But Durkin gives the cult a "big event," something that would draw attention from the outside world; unfortunately, he never quite follows it up. Maybe the world is closing in on Patrick and company while Marcy's away, and she just doesn't know about it -- interestingly, Lucy and Ted live lives almost as insulated as the cult members. While this makes for a good thriller and a fascinatingly ambiguous ending, it wipes out any intentions Durkin might have had of making a "serious" film about cults.
While Durkin the writer needs a bit of work, Durkin the director is pretty impressive. Showing a solid eye for atmosphere and detail, Durkin crafts Martha Marcy May Marlene into a fairly fascinating thriller. The ending is especially potent, with the unanswered questions paying off in spades, offering up cryptic non-resolution that works on a number of levels and invites speculation and discussion.
At the center of it all is Olsen, whose performance both keeps the film grounded and elevates it to something more than just another indie thriller. She tells us everything we need to know about this damaged woman through her speech patterns, her body language, small gestures that take on a life of their own. Olsen doesn't grandstand, even when she's afforded the opportunity; it's a performance both brittle and sensitive, internalized but accessible. Durkin might not have created an accessible, fully formed character, but Olsen certainly does.
Fox sent over a screener, so I can't really comment on the tech, though what's here looks fine. Other than trailers for Chronicle and Shame, the only supplement is a short film by Durkin, Mary Last Seen. This 15-minute piece also deals with cults -- Patrick's cult, no less -- and in some onscreen text notes, Durkin mentions that he wanted to make a film that gave more insight into how people end up joining cults. While Mary Last Seen is an interesting short, like the main feature, it really doesn't offer the insight Durkin seems to hope it would. Starring Brady Corbett, who plays a Patrick follower in Martha Marcy May Marlene, it's a long run-up without much of a payoff. I see where Durkin was going with both his films -- the feature is superior in every way, incidentally -- but his reliance on audiences interpreting his vision rather than fleshing out his story is a liability.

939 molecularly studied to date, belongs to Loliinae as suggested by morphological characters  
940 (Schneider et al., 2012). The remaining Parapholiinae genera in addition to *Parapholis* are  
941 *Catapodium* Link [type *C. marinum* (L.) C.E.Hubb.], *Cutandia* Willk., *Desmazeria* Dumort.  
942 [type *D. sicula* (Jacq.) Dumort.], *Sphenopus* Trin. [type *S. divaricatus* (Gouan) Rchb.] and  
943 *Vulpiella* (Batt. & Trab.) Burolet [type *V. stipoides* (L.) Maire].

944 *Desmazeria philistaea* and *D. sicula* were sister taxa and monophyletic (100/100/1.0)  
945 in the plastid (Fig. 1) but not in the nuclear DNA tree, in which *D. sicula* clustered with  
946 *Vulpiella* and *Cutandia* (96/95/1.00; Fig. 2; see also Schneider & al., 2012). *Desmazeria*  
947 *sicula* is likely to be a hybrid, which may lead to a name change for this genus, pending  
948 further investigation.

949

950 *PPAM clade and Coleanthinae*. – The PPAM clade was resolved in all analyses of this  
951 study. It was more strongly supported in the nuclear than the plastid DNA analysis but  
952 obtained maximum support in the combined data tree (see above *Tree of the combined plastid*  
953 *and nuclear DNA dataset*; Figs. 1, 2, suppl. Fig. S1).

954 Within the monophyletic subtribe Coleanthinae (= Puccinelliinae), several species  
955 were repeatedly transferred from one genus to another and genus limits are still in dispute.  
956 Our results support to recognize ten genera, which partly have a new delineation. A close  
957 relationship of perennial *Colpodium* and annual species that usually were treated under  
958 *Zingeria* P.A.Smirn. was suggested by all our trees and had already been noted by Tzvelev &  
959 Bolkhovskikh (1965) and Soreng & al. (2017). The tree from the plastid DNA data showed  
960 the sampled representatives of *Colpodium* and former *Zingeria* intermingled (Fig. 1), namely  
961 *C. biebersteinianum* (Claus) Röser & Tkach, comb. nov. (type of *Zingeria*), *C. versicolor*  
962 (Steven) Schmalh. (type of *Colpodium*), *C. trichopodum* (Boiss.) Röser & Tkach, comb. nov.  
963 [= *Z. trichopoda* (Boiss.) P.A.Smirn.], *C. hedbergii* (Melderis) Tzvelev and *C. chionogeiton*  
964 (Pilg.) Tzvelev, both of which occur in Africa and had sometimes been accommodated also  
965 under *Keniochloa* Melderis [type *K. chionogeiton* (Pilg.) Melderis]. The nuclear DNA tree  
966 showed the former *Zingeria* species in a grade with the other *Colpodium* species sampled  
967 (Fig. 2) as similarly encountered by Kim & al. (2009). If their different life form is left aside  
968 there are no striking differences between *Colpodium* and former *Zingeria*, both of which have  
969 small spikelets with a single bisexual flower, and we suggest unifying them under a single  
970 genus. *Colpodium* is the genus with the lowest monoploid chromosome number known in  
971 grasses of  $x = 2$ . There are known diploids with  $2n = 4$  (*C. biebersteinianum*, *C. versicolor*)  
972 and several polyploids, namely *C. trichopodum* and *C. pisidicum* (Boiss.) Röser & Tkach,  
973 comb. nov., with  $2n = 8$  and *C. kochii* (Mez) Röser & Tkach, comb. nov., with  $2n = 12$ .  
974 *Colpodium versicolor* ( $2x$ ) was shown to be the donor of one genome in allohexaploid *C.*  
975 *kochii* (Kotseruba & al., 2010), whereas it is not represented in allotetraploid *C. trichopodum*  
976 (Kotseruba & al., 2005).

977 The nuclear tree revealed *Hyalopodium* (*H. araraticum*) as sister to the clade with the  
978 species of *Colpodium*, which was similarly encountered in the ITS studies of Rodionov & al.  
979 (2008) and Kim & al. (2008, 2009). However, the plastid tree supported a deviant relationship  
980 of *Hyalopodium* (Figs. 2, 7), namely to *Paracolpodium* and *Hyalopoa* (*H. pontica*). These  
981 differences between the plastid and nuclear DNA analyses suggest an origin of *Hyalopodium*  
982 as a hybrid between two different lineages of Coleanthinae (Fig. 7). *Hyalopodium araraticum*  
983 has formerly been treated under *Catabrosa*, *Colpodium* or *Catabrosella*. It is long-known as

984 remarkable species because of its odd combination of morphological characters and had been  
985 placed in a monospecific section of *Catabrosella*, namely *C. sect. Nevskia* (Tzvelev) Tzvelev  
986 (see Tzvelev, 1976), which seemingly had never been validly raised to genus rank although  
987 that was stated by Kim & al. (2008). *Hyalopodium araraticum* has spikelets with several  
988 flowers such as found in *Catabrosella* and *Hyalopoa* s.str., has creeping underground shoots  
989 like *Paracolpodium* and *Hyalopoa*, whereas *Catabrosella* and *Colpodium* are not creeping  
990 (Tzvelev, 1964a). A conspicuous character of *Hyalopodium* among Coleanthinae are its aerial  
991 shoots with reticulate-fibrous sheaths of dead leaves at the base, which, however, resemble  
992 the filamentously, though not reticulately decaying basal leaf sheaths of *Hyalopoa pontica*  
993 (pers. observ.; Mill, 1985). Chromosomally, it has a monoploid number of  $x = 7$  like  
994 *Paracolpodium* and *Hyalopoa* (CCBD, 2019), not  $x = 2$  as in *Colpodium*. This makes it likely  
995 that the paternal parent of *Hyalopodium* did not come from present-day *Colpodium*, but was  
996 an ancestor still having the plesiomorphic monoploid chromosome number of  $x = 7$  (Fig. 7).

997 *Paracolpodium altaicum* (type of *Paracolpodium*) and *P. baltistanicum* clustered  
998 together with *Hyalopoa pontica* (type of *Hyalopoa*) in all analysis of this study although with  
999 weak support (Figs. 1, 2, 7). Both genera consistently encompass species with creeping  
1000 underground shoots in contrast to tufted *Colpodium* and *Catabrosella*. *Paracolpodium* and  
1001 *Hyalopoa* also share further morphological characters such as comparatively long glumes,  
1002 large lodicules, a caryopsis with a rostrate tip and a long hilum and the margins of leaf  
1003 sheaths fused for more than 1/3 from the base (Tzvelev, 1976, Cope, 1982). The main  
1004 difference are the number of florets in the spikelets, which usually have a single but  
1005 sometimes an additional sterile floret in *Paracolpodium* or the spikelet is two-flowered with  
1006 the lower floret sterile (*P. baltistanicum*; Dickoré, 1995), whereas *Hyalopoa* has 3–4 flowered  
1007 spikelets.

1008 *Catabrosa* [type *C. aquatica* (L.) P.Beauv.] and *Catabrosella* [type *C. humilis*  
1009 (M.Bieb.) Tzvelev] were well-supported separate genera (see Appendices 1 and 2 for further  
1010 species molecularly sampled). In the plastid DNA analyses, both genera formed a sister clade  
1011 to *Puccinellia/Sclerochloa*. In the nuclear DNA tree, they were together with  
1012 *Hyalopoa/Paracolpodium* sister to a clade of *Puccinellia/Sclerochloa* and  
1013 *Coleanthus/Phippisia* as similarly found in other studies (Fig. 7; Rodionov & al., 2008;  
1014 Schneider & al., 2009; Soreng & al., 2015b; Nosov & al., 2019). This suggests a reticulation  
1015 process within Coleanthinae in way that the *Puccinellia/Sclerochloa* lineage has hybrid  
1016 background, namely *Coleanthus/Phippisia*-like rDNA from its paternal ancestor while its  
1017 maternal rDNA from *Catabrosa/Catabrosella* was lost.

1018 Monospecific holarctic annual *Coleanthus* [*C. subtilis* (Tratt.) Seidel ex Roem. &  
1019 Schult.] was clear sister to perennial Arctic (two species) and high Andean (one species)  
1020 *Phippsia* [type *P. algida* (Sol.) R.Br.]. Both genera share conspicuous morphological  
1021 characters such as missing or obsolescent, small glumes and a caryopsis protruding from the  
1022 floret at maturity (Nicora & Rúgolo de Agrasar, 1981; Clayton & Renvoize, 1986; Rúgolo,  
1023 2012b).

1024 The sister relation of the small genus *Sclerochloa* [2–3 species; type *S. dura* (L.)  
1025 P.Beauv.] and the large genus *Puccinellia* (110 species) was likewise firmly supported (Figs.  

Durkin is a much better director than he is a writer. Thanks to his work behind the camera and his talented cast, Martha Marcy May Marlene succeeds as a thriller, even if it falls short as a character study or an insightful look at cults. Elizabeth Olsen's performance is impeccable and goes a long way to earning this a recommendation.
Review content copyright © 2012 Tom Becker; Site layout and review format copyright © 1998 - 2014 HipClick Designs LLC
Scales of Justice
* 2.35:1 Anamorphic
* Dolby Digital 5.1 Surround (English)
* Dolby Digital 2.0 Stereo (French)
* Dolby Digital 2.0 Stereo (Spanish)
Running Time: 102 Minutes
Release Year: 2011
MPAA Rating: Rated R
* Short Film
* Official Site